It doesn’t make sense to say that the Trump administration is in a stronger position vis-a-vis North Korea than the previous administration was with Iran. The conditions are indeed “very different,” but Pompeo doesn’t understand how they are different. The U.S. is demanding much larger concessions from North Korea with relatively less leverage than it had with Iran. North Korea is a nuclear weapons state whether the administration wants to acknowledge it or not, and they have a nuclear weapons program that Iran did not have at any point. North Korea has to give up much more to satisfy the Trump administration, and it is being offered less in exchange. Even if one were inclined to think that the Trump administration is serious about finding a negotiated solution, this is not a promising start.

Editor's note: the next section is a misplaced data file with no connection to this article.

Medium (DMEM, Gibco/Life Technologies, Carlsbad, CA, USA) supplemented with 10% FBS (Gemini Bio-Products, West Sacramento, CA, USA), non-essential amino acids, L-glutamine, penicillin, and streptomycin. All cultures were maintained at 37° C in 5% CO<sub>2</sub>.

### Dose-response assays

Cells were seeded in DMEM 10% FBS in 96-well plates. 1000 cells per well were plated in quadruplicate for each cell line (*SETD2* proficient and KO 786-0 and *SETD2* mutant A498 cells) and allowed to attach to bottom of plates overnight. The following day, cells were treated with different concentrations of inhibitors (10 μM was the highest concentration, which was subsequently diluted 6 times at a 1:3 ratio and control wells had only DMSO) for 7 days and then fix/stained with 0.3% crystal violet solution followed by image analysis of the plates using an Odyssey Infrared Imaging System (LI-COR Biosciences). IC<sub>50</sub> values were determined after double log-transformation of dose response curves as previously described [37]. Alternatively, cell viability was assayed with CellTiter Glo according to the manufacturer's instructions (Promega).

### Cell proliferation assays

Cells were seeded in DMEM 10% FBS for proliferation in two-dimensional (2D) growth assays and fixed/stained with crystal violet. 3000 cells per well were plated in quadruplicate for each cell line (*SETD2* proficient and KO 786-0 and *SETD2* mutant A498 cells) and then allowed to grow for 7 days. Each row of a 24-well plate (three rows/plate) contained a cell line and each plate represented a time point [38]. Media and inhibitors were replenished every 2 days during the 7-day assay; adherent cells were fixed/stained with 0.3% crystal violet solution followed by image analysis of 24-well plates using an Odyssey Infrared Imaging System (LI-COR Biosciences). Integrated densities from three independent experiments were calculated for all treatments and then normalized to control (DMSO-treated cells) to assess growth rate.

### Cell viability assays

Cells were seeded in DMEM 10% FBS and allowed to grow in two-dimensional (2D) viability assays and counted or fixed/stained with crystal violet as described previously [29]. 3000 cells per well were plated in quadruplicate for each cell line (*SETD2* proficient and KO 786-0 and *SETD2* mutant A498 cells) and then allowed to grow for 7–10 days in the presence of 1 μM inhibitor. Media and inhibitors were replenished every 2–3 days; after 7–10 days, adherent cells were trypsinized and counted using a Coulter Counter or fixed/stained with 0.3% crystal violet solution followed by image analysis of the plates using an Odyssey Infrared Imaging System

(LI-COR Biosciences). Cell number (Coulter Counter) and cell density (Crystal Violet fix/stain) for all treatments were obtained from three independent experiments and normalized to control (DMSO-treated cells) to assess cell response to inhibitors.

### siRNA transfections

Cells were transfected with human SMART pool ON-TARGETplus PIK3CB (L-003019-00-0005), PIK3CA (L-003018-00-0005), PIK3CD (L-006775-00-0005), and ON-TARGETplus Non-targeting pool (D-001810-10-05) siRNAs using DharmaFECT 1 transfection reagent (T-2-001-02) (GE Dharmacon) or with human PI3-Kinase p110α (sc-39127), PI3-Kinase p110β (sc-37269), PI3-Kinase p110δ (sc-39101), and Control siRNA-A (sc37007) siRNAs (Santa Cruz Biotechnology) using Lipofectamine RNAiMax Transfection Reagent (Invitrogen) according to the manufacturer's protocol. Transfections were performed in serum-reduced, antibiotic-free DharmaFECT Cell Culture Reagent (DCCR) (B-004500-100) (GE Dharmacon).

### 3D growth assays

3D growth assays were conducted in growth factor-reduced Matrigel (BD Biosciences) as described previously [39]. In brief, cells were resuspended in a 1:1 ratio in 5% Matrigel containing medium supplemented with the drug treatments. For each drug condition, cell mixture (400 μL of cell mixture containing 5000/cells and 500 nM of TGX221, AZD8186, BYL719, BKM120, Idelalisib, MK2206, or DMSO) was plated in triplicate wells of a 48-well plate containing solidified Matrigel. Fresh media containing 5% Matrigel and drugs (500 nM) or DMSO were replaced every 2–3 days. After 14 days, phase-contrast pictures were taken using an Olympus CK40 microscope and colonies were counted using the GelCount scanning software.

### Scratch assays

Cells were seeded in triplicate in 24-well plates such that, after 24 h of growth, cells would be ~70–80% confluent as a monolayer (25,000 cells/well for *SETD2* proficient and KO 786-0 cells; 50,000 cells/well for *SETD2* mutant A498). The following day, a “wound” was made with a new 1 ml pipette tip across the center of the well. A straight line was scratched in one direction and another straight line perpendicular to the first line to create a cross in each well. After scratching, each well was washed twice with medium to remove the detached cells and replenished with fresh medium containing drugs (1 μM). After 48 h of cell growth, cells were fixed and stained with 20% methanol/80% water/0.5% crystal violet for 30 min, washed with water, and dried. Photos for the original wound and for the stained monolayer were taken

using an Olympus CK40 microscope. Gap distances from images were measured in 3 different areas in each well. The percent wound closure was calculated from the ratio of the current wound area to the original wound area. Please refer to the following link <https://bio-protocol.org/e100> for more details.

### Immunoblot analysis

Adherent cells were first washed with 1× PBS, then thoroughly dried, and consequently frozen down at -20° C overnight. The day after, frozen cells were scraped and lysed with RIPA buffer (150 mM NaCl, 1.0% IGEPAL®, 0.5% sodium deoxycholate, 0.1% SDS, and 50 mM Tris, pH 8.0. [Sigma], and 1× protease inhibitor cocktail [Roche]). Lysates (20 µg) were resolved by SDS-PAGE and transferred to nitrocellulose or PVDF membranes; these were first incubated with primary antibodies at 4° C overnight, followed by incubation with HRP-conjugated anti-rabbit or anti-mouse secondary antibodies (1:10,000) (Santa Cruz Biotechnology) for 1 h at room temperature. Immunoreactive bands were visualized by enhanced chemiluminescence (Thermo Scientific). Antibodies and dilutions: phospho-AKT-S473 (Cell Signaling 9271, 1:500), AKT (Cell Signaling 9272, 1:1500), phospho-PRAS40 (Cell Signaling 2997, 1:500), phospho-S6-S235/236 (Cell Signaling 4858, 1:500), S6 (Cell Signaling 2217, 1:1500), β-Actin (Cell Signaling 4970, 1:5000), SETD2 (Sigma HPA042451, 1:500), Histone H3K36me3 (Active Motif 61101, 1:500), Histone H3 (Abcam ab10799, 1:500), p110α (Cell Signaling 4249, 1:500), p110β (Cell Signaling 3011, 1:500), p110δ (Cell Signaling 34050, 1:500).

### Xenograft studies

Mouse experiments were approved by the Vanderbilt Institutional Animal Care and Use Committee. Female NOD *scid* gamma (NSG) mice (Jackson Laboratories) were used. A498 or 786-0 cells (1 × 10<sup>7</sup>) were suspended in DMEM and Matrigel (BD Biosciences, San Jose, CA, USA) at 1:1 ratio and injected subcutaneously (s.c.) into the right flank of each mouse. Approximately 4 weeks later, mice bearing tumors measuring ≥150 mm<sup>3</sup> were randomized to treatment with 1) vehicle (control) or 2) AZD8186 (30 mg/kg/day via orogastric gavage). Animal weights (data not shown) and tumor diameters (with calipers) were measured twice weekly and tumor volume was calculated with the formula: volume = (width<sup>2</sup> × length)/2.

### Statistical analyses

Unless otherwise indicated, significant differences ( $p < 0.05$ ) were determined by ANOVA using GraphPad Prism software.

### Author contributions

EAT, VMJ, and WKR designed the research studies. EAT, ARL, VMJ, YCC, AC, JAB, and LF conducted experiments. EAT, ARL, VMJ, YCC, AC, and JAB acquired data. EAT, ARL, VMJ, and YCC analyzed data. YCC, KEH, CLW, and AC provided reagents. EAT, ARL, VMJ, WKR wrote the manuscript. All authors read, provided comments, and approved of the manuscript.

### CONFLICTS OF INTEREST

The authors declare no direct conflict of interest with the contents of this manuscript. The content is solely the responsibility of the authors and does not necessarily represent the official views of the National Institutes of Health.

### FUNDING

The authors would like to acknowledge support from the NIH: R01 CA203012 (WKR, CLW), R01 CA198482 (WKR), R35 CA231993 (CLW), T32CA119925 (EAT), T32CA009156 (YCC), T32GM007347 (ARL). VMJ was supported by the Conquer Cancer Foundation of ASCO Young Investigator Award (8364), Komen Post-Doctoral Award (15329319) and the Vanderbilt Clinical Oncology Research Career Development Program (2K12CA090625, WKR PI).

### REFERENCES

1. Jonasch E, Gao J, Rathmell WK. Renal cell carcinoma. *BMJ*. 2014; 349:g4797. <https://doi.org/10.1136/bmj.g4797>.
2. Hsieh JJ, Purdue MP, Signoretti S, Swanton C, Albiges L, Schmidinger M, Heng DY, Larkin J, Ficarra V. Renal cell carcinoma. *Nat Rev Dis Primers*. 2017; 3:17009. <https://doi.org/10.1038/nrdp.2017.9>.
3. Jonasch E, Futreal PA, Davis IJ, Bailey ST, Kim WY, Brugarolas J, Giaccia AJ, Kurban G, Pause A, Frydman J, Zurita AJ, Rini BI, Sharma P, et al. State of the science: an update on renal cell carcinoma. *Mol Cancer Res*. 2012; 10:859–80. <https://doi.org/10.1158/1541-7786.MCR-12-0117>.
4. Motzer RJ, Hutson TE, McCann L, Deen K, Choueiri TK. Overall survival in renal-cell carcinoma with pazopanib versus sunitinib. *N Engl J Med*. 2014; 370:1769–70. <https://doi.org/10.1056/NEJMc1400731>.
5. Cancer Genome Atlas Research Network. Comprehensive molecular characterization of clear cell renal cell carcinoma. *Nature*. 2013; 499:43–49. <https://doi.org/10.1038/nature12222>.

Put simply, the Trump administration is demanding far more from the other side than the previous administration did, and it is unwilling to offer them even as much as the Obama administration offered Iran. To make matters worse, they don’t seem to understand that they are trying to do something much more difficult than what the Obama administration did, and yet they have nothing but contempt for the work their predecessors did in negotiating the JCPOA. If the Trump administration defines denuclearization as the complete elimination of North Korea’s nuclear program and not just the elimination of their weapons, they are truly setting out on a fool’s errand. The idea that North Korea can be made to give up its nukes is already unrealistic. Expecting that they will agree to a deal that is even more onerous and intrusive than the one Iran accepted is just silly. Once the Trump administration reneges on the nuclear deal, they will have even less reason to agree to anything.

India and Pakistan Approach Nuclear War (Revelation 8)